So Mia is now just over 1 month old!

Lots of nappy changes, sleepless nights and as you can imagine…

…not much time for anything else!

During Sasha’s pregnancy we often discussed how we would help Mia become a bilingual child.

And to be honest, it’s something that Sasha really worries about.

We live in the UK and several children of her Russian friends struggle to speak Russian well..

…and that’s children living in a Russian speaking household!

Of course, I tell her not to worry. I’m confident Mia will learn Russian in her own time and we just have to try our best to encourage her to speak it.

But what is the best way to achieve this aim?

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Our initial thoughts on raising a truly bilingual child

I’ve spent some time researching this topic online, and there are different approaches. However, what seems clear is there are essentially four bilingual parenting methods for raising children to speak two languages.

1) One parent speaks in the majority language, the other speaks in the minority language.

The majority language is obviously the main language in whatever country you live in.

Therefore in our case, as we live in the UK, I should speak to Mia ONLY in English, and Sasha should ONLY speak in Russian

This method seems the most common approach and several of my friends have suggested it too. It’s also a fairly straightforward strategy to apply in our situation.

Mia will get to hear each language with a native accent, and hopefully learn to speak with Sasha in Russian and myself in English.

However, the issue with this method is how much exposure Mia will have to the Russian language. When Sasha goes back to work, which is our plan in September 2017, Mia will be in an English environment the majority of the time.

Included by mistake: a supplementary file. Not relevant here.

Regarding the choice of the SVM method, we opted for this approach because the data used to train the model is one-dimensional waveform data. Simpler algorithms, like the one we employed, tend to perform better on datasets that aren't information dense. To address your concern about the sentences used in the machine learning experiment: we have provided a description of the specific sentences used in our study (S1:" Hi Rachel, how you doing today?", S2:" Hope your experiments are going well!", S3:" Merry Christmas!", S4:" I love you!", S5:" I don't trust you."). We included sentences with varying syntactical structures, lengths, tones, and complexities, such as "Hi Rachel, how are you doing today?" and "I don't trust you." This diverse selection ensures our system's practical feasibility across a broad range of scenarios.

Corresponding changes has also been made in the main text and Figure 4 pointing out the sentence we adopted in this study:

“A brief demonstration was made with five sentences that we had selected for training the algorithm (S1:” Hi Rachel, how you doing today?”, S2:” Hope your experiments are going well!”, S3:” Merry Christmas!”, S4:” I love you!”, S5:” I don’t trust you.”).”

This runs the risk of Mia understanding Russian, but only passively. Therefore she will most likely reply back in English, even if Sasha speaks Russian to her.

2) Both parents speak in the minority language at home, and the majority language for the other times.

This approach is called the MLAH method (Minority Language At Home). It’s not as common as the first method as there is an obvious limitation.

It can only work if BOTH parents speak the minority language

In our case, this would present a problem. I can speak Russian reasonably well, but not fluently by any means!

Also, children who are only exposed to the minority language can be a bit behind when they start school and are suddenly surrounded by the majority language.

Both Sasha and I know a couple from Belarus living in London who have adopted this approach and although their 2 children speak Russian like native speakers, since starting pre-school they are finding it difficult to adapt to only hearing/speaking the English language.

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3) Context method 

For this approach, both parents speak each language depending on the situation.

One of the main advantages here is that your child can quickly understand when and where to speak the majority and minority languages. Also, other people in the conversation will never feel left out because you speak whatever language everyone understands.